Braughm Ricke, Founder & CEO of Aduro Advisors, shared another perspective:


A lot of times we won't have that kind of access to the companies to be able to get that questionnaire completed by the company itself. And, in our clients' cases, a lot of times we'll take that onus on ourselves, meeting the client directly. We have a questionnaire we'll go through with the client and check all those boxes and try to document as much as we can, both at the time of investment and where the company is at today, but mainly it's trying to look back at where the company was at that time of investment. [If the company] doesn't provide [documentation] that they qualify [for QSBS] at the time of investment, you try to go back and document that as much as you can, both from a values threshold perspective and all the other required metrics that need to be met. [Sometimes, we'll] complete that questionnaire along with the client and then work with the tax provider for that specific client to be comfortable with taking those steps.

Our expert QSBS panel also explored what happens when you don’t have access to any paperwork. There may be times when you have meaningful positions in a company, giving you access to a lot of information with deals. However, for some small or seed funds, or angel investors, getting access to financial statements can be very challenging. For that segment of the market, look to the rep and the covenant and if you can't rely on access to financial documentation, it is beneficial to consider what other types of information can be obtained and what the best practices indicate among earlier stage funds. Braughm shared:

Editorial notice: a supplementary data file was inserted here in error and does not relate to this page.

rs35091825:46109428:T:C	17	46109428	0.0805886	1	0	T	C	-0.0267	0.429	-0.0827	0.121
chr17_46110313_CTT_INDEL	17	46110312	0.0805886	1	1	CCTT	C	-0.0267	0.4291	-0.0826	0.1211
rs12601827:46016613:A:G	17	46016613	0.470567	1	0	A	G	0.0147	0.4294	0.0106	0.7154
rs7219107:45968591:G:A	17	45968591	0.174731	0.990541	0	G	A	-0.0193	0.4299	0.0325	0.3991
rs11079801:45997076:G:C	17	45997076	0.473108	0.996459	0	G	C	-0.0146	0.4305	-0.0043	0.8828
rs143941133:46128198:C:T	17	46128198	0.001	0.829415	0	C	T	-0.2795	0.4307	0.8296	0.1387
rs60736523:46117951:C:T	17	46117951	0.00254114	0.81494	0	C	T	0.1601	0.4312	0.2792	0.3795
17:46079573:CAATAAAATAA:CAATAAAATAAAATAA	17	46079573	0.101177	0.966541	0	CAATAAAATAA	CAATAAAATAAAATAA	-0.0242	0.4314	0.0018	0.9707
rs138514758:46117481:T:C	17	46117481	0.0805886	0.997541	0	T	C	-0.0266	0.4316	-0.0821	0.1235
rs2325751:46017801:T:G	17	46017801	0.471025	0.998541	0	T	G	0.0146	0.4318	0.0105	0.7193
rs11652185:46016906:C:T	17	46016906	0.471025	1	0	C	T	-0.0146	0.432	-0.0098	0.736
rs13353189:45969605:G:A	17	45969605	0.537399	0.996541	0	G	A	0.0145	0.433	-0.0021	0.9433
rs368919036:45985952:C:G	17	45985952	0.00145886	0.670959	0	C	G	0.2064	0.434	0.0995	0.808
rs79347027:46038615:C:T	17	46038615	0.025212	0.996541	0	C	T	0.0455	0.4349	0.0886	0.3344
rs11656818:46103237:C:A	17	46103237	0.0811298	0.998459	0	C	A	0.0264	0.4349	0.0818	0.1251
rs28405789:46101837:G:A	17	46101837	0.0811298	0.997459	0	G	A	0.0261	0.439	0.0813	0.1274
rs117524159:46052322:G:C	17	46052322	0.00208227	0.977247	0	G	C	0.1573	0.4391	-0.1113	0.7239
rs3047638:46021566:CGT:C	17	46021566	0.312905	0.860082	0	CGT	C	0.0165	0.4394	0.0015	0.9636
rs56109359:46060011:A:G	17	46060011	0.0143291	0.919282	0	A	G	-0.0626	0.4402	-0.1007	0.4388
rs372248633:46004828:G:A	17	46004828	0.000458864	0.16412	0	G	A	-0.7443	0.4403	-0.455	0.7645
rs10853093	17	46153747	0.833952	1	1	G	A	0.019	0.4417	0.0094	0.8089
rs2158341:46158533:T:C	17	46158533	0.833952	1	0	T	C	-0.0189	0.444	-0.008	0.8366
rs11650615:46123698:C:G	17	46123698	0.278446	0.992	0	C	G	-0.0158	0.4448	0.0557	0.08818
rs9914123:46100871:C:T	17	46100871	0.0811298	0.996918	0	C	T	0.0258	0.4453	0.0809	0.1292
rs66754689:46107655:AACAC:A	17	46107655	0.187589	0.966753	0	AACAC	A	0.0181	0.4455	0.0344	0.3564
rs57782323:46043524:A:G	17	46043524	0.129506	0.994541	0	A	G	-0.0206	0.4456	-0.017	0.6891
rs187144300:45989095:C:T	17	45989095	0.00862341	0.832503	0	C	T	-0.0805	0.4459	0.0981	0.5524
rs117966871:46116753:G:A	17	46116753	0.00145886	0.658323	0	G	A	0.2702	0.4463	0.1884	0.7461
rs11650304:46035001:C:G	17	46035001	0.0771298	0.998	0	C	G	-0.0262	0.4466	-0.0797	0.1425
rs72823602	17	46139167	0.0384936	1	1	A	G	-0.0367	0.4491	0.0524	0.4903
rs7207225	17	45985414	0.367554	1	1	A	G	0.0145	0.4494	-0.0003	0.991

With limited information, there's really limited documentation that you can access. It really is just going back and looking at the documents at the time of investments and pulling anything that you can from that aspect. But it's very difficult because [with a company such as] Uber or something like that, where they're extremely tight about providing any information, there really isn't that much to point to. So it really is balancing the comfort level of the client and the comfort level of the tax provider as to how much risk they're willing to take on in terms of attesting to it themselves, as opposed to relying on the company.